Decision: State v. Houston

July 17th. The Kansas Supreme Court has issued its opinion in State v. Houston (No. 98,373), an appeal of a murder conviction. In a unanimous opinion, written by Justice Lawton Nuss, the Court upheld Michael Houston Sr’s conviction for the second-degree murder of Joshua Johnson.

The Houston and Johnson families who lived in KCK became involved in a long running feud following Houston’s having a sexual relationship with Johnson’s girlfriend. Over time many incidents took place between the two men, and Johnson attacked members of Houston’s family. One day, in 2003, Houston was driving his car and had to swerve out of the way of Johnson’s car door as it opened. The pair had nearly come to blows earlier that day, and Houston jumped out of his vehicle armed with a 12ga shotgun. Johnson was exiting his vehicle. Houston shot him dead. At trial (though not in his initial police statement) Houston maintained that Johnson had been reaching for what he believed to be a weapon and that he had shot him in self defense. Houston was convicted of second-degree intentional murder.

On appeal, Houston raised a number of issues. On most of these, the Kansas Supreme Court adopts the ruling in the case of the Court of Appeals, namely that:

  • Houston was not prevented from presenting his theory of self-defense by the exclusion of evidence about Johnson attacking his family members, since evidence of his having done that was introduced anyway by various witnesses and those facts did not speak to Houston’s state of mind when he shot Johnson. In contrast, Houston had been able to enter evidence about Johnson’s previously threatening him.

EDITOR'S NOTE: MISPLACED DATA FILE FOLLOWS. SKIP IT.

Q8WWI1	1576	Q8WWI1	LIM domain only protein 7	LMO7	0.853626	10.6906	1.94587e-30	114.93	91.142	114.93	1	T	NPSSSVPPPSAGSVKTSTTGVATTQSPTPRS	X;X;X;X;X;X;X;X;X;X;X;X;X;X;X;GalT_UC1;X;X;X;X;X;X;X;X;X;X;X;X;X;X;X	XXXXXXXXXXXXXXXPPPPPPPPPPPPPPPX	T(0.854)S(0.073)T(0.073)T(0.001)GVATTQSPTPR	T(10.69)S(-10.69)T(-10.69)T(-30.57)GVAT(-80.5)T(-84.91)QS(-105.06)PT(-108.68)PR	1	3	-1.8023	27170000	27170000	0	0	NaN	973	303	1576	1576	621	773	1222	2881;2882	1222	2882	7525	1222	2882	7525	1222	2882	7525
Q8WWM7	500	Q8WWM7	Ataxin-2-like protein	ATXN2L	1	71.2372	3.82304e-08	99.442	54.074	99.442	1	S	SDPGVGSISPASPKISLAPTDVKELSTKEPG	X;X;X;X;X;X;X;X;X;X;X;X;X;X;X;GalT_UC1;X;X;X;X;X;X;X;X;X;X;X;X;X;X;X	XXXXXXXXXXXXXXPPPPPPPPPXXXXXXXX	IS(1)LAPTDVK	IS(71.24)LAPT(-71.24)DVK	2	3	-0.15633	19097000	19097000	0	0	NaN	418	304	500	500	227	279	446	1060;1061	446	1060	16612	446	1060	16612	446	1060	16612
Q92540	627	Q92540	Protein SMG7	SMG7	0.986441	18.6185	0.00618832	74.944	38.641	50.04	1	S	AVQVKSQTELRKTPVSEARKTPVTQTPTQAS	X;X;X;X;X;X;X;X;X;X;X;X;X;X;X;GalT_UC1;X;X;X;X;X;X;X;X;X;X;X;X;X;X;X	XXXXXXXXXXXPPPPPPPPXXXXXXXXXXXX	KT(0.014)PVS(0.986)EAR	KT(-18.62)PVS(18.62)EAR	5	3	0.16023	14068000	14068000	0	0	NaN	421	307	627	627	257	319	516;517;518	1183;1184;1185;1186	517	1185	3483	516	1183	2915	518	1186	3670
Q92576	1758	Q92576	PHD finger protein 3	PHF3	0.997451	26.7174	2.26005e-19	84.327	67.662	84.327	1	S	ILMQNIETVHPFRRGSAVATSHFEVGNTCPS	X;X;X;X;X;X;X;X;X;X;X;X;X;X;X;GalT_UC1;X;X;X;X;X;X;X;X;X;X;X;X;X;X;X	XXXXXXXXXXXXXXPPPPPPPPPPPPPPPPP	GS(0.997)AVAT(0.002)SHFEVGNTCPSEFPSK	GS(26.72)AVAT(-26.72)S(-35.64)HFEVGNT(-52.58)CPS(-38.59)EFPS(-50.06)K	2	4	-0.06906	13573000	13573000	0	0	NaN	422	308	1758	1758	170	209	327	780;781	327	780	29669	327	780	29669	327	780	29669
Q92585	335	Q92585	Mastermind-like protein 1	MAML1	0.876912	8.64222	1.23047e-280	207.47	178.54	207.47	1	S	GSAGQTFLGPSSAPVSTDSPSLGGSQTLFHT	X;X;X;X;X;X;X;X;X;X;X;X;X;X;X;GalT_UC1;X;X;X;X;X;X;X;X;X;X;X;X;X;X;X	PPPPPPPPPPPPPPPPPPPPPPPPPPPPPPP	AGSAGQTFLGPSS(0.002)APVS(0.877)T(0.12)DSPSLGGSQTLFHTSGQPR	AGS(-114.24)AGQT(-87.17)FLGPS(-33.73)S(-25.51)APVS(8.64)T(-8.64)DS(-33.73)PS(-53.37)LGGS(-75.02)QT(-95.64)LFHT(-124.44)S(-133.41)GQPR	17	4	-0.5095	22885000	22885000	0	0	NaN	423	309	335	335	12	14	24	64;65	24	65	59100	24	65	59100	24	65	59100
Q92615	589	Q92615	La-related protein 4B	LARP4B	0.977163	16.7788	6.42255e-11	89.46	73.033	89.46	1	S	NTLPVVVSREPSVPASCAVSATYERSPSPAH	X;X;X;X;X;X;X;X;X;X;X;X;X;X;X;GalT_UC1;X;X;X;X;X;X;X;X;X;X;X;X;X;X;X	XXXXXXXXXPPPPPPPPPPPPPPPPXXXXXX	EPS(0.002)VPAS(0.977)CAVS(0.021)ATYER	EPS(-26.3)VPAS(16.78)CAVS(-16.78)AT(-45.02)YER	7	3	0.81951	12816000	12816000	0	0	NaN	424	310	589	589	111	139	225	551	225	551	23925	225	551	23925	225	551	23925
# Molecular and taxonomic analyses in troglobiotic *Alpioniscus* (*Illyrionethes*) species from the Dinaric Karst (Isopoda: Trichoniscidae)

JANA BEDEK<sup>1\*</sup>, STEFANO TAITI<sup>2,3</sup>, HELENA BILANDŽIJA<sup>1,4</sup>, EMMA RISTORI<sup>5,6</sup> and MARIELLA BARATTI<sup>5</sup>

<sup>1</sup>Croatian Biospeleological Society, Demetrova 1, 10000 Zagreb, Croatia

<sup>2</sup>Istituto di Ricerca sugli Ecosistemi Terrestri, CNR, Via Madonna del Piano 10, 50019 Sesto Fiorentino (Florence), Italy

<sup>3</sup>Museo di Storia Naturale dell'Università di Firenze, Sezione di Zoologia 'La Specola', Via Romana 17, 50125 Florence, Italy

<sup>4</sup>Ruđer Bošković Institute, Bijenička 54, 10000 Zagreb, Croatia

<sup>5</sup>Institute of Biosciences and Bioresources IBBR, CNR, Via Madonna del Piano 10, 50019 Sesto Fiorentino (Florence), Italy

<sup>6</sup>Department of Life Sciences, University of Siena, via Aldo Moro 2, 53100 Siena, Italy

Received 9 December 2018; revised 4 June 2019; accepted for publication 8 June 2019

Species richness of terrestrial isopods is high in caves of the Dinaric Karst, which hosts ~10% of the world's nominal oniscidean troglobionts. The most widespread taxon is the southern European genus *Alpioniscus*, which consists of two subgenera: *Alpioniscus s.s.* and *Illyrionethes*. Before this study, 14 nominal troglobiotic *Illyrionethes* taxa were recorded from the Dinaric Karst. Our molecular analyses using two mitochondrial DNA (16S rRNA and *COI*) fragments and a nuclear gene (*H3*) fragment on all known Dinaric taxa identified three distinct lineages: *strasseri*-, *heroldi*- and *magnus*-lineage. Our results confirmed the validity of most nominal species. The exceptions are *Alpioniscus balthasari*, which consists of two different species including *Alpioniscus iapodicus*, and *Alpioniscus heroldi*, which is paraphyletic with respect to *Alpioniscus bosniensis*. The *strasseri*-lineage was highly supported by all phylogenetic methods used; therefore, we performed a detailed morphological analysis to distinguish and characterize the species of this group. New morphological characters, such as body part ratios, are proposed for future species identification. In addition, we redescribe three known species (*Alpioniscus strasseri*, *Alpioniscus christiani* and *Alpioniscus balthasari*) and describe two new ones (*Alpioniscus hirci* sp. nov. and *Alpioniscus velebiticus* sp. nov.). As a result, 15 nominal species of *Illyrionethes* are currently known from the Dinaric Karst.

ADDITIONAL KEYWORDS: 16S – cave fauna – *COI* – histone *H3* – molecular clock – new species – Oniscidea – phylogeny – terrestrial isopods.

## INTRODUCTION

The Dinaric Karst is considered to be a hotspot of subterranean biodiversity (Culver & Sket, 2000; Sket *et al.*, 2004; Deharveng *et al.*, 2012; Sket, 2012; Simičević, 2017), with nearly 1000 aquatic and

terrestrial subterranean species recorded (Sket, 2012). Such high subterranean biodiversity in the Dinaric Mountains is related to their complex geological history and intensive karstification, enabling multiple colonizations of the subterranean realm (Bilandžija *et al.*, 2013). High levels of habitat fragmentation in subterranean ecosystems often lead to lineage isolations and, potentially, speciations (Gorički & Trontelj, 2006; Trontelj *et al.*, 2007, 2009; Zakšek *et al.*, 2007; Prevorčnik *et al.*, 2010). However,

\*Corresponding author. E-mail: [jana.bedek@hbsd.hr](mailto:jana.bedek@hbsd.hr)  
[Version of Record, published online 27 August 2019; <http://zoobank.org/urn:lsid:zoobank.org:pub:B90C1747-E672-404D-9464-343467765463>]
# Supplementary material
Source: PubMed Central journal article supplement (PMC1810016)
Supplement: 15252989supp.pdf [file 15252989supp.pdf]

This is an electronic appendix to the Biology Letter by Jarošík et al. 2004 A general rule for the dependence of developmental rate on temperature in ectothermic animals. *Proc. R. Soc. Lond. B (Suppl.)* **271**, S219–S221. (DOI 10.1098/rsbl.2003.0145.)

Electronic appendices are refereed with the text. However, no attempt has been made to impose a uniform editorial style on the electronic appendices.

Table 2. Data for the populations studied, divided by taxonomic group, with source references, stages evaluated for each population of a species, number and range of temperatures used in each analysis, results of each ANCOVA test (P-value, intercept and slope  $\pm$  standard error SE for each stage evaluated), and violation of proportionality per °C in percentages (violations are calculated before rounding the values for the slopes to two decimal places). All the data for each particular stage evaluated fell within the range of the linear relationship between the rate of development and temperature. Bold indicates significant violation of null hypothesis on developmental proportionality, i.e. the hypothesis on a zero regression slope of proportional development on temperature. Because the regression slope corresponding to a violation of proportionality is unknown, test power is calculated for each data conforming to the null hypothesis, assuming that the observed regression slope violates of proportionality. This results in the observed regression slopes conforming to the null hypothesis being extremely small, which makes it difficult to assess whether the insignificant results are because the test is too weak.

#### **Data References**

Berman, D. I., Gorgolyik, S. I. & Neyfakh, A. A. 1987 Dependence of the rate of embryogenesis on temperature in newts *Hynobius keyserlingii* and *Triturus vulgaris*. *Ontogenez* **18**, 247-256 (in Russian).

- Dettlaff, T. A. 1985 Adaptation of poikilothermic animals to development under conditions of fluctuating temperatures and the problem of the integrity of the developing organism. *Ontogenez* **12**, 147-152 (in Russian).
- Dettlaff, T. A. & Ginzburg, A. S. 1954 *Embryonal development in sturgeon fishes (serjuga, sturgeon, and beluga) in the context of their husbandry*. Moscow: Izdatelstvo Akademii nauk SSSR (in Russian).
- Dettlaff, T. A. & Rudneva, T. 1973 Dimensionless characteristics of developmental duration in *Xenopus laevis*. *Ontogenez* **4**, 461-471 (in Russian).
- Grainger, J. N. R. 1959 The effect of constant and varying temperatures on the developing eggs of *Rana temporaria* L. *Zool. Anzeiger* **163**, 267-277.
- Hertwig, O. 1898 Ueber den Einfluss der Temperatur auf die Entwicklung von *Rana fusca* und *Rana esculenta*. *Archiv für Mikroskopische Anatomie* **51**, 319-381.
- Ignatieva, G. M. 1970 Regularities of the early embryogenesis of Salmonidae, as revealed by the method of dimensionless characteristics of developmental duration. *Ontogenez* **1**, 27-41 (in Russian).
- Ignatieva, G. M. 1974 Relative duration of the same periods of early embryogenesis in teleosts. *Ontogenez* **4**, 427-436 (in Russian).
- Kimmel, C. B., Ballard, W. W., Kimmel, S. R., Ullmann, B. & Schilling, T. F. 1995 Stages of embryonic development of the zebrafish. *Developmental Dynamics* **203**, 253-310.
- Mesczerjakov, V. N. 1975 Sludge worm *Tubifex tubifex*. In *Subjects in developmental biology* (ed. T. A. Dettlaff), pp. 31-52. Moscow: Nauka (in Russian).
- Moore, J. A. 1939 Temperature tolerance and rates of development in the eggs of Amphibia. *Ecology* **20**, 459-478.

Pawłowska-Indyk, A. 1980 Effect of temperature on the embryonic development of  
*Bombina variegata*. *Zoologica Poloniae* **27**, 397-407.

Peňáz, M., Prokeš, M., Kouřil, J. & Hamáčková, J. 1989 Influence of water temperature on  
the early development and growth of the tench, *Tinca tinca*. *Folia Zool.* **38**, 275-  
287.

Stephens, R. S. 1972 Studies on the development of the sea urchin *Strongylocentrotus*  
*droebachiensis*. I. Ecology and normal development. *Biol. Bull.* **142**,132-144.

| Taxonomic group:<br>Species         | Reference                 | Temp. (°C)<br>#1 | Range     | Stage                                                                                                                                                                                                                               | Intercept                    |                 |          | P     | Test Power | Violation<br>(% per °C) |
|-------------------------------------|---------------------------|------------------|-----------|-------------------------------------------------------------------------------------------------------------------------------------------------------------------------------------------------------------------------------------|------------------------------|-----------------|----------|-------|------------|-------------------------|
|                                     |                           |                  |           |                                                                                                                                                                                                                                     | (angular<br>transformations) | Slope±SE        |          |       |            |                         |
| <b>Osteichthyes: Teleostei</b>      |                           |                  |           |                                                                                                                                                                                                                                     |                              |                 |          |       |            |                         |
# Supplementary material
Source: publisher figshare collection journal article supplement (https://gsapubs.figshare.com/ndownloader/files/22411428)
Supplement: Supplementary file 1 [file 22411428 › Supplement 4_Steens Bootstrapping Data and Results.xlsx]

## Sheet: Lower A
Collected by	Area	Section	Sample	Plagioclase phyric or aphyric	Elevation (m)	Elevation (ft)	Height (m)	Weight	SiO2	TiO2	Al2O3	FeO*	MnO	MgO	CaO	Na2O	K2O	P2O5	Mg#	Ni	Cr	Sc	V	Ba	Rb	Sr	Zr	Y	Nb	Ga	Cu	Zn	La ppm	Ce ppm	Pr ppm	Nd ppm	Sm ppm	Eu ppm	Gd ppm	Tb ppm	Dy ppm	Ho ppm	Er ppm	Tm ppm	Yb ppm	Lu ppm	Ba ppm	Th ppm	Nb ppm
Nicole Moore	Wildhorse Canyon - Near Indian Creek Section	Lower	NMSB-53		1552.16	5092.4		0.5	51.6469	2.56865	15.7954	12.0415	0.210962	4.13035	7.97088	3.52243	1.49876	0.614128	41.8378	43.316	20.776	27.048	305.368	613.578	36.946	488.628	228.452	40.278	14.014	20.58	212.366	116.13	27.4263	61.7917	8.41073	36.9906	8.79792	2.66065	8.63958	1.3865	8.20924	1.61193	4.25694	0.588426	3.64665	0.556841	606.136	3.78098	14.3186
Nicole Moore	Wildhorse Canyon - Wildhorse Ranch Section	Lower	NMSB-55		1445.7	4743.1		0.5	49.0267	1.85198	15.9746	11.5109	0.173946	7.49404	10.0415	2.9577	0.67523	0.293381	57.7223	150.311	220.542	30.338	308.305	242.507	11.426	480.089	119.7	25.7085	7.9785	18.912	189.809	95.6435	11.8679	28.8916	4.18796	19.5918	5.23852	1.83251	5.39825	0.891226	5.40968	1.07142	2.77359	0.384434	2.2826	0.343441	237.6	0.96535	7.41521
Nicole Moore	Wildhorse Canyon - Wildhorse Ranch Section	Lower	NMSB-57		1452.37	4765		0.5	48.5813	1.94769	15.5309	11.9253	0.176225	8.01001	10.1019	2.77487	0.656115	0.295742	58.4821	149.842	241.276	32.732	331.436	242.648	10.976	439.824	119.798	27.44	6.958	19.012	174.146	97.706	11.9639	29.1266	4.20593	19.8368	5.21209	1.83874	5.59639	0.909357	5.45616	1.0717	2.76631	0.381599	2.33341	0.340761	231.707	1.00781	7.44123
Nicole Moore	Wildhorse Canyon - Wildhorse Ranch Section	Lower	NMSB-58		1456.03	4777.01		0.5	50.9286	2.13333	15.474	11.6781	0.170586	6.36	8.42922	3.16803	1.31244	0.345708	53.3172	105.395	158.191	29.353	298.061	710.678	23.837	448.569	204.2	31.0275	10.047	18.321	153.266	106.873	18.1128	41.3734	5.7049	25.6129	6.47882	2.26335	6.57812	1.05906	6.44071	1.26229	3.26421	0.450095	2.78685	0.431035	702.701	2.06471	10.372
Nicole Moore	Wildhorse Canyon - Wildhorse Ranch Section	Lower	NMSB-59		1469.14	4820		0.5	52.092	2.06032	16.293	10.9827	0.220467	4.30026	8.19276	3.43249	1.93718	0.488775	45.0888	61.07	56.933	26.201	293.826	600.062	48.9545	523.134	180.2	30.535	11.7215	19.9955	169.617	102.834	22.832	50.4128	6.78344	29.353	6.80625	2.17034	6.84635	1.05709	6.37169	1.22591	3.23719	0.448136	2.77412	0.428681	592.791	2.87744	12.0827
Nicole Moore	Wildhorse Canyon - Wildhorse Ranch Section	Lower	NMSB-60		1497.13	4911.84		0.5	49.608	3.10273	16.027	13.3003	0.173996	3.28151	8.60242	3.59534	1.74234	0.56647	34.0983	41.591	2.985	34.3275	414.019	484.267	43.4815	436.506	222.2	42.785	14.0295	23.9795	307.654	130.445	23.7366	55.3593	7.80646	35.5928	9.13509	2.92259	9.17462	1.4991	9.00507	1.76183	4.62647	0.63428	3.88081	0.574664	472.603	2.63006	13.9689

• The Prosecutor did not commit misconduct during a chain of questions during which Houston mentioned he had been evaluated on his mental condition at Larned State Hospital.
  • Houston had sought to suppress evidence that Johnson knew Houston had a gun. His pre-trial motion was rejected. The Court held that the issue was not properly preserved for appeal since no objection was made at the time the evidence was actually introduced, which is required.
  • Houston’s Apprendi claim was rejected.

In addition to the above the Kansas Supreme Court also rejected Houston’s assertion that the jury should have been presented with the option of convicting him of the lesser-included offense of Involuntary Manslaughter. Houston’s theory for this was that he had acted lawfully in self defense but used excessive force, and had therefore not intended to kill Johnson. In its ruling, the Kansas Supreme Court adopted a different tack to the Court of Appeals finding that under the circumstances no rational jury could have convicted him of involuntary manslaughter since there was no possibility that in firing his gun at close quarters he had not formed an intent to kill Johnson. In making this ruling, the Kansas Supreme Court also made it clear that loose wording in some recent opinions did not reflect any move away from the standard that a lesser included instruction is not needed when a jury could not reasonably convict a defendant of the crime. That standard was reaffirmed in this case.


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